Dick Cheney's speech at the World Economic Forum in Switzerland on 24 January is of special significance for its vision and timing. It spells out the challenges that are still ahead of the free world in confronting terrorism. It makes clear that the search for global peace is inseparable from combating dictatorships and supporting democratic movements in the Middle East and around the world. It singles out Iran by name as a country whose rulers should "honour the legitimate demands of the people." He said, "There are growing calls for true democracy and human rights in Iran." Cheney's words come at a time when the totalitarian establishment in Iran has again dashed hopes for a free parliamentary election. The Islamic regime in Iran survives by intimidating the country's population and promoting terrorism abroad. Dick Cheney has used the opportunity of appearing in Davos to state that Americans are aware of this fact and harbour no illusions about the identity of their number one enemy.
September 11 has brought home to Americans the reality that the virus of dictatorship cannot be contained within the borders of one country or a continent. The world has turned into a place where the life and safety of the whole human civilization has become interdependent. Saddam Hussein not only was an evil to his own people, but an ongoing international menace. His removal has freed the Iraqi people and at the same time saved countless potential victims around the globe. The unfortunate truth is that a far greater danger than Saddam still threatens the world and the Middle Eastern peace with an ideology that thrives on hatred and xenophobia. The deadly ideology of suicide bombers and hostage takers that is fostered and promoted by the government of the Islamic Republic and is as dangerous as any weapons of mass destruction. Any political analyst worth his salt knows that without a regime change in Iran and the restoration of civil and political rights to the people of that country, peace in the Middle East is bound to remain a piecemeal peace, in constant threat of destruction.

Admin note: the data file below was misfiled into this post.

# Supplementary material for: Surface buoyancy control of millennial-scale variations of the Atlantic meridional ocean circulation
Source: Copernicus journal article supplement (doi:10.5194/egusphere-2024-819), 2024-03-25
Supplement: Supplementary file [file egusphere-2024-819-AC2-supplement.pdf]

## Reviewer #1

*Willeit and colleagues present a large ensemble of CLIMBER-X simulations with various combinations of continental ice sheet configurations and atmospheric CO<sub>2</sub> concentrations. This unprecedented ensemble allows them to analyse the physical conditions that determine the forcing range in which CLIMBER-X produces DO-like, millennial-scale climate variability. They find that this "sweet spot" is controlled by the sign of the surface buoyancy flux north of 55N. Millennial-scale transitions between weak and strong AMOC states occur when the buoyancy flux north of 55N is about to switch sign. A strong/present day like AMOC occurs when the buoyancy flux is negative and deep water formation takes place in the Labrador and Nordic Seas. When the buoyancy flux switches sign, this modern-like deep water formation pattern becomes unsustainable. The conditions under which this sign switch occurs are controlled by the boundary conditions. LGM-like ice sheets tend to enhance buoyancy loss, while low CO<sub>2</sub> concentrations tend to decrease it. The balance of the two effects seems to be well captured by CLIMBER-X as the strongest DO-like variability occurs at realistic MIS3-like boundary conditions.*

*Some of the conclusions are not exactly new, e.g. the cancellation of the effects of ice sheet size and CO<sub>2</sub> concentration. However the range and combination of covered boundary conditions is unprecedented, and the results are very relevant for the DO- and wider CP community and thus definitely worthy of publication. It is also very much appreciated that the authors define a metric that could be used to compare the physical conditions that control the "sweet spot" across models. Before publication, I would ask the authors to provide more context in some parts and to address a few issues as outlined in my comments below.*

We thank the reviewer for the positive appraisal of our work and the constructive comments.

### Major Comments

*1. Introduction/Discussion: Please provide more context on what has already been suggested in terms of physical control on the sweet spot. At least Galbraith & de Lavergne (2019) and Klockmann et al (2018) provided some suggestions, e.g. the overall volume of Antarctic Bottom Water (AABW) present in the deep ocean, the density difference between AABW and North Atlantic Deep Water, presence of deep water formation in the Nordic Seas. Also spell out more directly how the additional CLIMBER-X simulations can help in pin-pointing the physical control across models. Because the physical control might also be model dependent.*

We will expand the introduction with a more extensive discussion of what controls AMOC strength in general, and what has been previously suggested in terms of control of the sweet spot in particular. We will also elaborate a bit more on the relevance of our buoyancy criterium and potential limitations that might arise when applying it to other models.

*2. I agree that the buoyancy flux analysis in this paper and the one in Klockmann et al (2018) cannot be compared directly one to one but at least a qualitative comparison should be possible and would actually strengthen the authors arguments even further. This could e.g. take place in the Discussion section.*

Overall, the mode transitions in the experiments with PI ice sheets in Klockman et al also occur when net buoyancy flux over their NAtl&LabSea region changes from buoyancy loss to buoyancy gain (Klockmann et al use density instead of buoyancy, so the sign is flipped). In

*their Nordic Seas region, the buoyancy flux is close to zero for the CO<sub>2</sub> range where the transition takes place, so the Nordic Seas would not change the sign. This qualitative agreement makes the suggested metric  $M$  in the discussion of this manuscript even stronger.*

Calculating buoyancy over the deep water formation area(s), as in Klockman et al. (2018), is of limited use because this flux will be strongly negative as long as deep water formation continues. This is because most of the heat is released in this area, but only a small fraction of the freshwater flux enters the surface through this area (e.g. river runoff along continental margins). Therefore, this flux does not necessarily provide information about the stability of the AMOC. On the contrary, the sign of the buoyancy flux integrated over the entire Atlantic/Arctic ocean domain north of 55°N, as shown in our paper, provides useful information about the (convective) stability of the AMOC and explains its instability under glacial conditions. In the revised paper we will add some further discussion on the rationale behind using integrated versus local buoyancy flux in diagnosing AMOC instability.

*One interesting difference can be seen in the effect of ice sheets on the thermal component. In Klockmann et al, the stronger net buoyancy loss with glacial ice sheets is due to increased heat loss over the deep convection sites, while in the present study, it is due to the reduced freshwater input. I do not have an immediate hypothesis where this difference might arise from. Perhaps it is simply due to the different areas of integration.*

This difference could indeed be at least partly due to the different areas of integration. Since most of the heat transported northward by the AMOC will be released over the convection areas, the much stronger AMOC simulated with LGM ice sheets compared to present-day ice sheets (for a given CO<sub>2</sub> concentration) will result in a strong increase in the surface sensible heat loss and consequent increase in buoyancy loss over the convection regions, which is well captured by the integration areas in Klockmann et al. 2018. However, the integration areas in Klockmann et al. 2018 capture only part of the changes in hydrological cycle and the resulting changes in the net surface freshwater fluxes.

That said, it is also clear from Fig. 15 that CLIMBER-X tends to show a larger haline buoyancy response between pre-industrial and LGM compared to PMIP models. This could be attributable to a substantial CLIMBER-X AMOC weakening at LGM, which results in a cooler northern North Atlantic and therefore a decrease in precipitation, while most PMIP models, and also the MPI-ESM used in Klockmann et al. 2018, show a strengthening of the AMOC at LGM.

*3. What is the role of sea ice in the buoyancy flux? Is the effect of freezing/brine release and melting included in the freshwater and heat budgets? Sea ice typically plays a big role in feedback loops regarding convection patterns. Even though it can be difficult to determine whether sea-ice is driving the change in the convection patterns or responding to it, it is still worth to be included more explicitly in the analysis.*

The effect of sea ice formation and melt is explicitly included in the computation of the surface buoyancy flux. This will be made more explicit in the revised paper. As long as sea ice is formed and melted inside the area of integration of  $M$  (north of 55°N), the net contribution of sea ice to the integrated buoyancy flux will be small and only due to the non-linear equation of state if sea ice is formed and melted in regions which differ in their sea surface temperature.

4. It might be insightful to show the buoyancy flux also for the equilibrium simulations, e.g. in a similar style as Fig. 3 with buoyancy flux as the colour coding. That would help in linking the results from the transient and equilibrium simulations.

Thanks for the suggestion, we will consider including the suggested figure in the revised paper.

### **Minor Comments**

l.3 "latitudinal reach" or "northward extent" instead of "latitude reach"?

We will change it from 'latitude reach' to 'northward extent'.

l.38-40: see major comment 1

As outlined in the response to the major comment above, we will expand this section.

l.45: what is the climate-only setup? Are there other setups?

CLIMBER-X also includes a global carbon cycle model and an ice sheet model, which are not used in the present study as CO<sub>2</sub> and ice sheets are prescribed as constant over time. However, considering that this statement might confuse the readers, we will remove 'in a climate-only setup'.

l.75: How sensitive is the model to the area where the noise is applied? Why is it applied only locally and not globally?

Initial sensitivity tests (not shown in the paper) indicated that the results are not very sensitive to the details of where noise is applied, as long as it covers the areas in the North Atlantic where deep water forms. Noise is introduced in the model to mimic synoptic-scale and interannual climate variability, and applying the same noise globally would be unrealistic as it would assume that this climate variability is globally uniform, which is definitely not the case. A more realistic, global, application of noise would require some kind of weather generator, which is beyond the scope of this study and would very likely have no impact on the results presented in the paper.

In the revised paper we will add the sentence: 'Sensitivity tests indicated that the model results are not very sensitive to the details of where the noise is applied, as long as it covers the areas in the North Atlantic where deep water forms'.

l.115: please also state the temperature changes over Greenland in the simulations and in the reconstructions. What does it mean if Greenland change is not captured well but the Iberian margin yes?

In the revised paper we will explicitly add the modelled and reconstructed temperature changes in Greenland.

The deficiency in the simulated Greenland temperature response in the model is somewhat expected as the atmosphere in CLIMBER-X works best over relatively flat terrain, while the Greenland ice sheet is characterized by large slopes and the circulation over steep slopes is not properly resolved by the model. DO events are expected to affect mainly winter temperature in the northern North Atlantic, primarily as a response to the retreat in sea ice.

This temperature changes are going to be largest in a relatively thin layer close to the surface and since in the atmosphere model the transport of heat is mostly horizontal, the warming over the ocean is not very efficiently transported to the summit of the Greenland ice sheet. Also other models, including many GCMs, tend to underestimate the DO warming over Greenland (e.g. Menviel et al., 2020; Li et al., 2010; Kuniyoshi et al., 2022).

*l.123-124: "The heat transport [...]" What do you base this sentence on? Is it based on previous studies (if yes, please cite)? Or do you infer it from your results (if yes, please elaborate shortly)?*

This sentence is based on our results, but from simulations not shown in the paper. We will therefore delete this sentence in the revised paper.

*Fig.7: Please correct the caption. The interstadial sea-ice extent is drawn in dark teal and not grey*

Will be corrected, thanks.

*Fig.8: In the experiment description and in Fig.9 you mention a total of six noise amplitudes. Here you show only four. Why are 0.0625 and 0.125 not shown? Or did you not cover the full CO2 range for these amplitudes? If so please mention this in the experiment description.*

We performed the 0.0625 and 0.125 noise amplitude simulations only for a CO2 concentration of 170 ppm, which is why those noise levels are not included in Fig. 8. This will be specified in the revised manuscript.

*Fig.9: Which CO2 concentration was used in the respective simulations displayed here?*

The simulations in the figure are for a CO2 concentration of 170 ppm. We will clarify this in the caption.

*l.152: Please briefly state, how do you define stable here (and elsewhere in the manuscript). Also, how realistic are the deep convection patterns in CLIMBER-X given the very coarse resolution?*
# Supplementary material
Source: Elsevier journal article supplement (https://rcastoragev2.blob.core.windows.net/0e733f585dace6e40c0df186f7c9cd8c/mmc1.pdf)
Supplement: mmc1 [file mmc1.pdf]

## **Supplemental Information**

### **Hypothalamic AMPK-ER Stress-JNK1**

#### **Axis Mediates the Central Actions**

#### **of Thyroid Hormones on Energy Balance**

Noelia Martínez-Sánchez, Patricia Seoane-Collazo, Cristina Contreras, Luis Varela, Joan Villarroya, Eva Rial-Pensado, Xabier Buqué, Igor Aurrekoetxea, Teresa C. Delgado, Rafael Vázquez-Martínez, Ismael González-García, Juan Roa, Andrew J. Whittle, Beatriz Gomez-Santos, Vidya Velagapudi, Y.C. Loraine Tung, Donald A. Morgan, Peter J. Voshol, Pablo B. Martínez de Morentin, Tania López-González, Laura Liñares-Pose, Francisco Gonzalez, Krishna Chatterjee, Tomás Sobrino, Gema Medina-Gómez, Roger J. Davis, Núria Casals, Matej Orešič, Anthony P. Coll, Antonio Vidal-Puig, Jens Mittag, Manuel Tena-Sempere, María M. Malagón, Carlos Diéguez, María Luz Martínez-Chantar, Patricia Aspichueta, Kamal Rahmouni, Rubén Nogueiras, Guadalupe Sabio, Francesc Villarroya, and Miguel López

To those Iranians struggling for freedom, Dick Cheney's words are a welcome sign that the Americans are still with them in their fight against the mullahs and have not bought into the policy of appeasement adopted by some European countries towards the Islamic Republic. The American Vice President called on Europe to stand together with America in insisting on democratic changes in Iran. His statement that the "ideologies of violence should be confronted at the source" was clearly directed at the rulers of the Islamic Republic who are incontrovertibly the spiritual and ideological doctrinarians of terrorism in the Islamic world.
Another top American official who gave a clear indication that America will maintain the pressure for bringing about democratic change in countries of the axis of evil was Condoleezza Rice, Bush's National Security Advisor. In an interview she gave from Camp David where she was editing the drafts of the State of the Union speech delivered by George Bush that Tuesday, she emphasized the need for providing moral help to the people of the countries suffering under totalitarian rule. Citing the example of the collapse of the Soviet Empire she noted, "When Ronald Reagan spoke out against the Soviet Union, it stimulated those inside, who saw they had friends around the world, and they were able to speak out."
Codoleezza Rice also underlined the need for truthfulness regarding the nature of undemocratic governments. The truthfulness she referred to is what is ignored by many European countries who encourage and embolden the totalitarian governments by their false bonhomie and moral indecision. This amounts to glossing over their crimes and making them look respectable. Those who are fighting to change those regimes need international solidarity; and it will not aid their search for a cure to call their national disease by any different name than what it really is.
It will not help those Iranians struggling for democracy when the Economist, in keeping with the dominant European relativism of the day, in its January 17, 2004, issue, paints an ameliorating picture of the lives of Iranians under President Khatami and calls it "less appalling" than what it used to be. As if "less appalling" is what any self-respecting nation can settle for. Dick Cheney in his speech spoke against this kind of moral relativism. Calling it a condescending attitude he said the idea that the Islamic World is incapable of accommodating democracy is ridiculous.
As the world can never settle for a piecemeal peace Iranian people also cannot settle for a false democracy or a "less appalling" dictatorship. There are positive and encouraging signs coming from Washington indicating that in their genuine struggle for freedom, the Iranians can count on American support.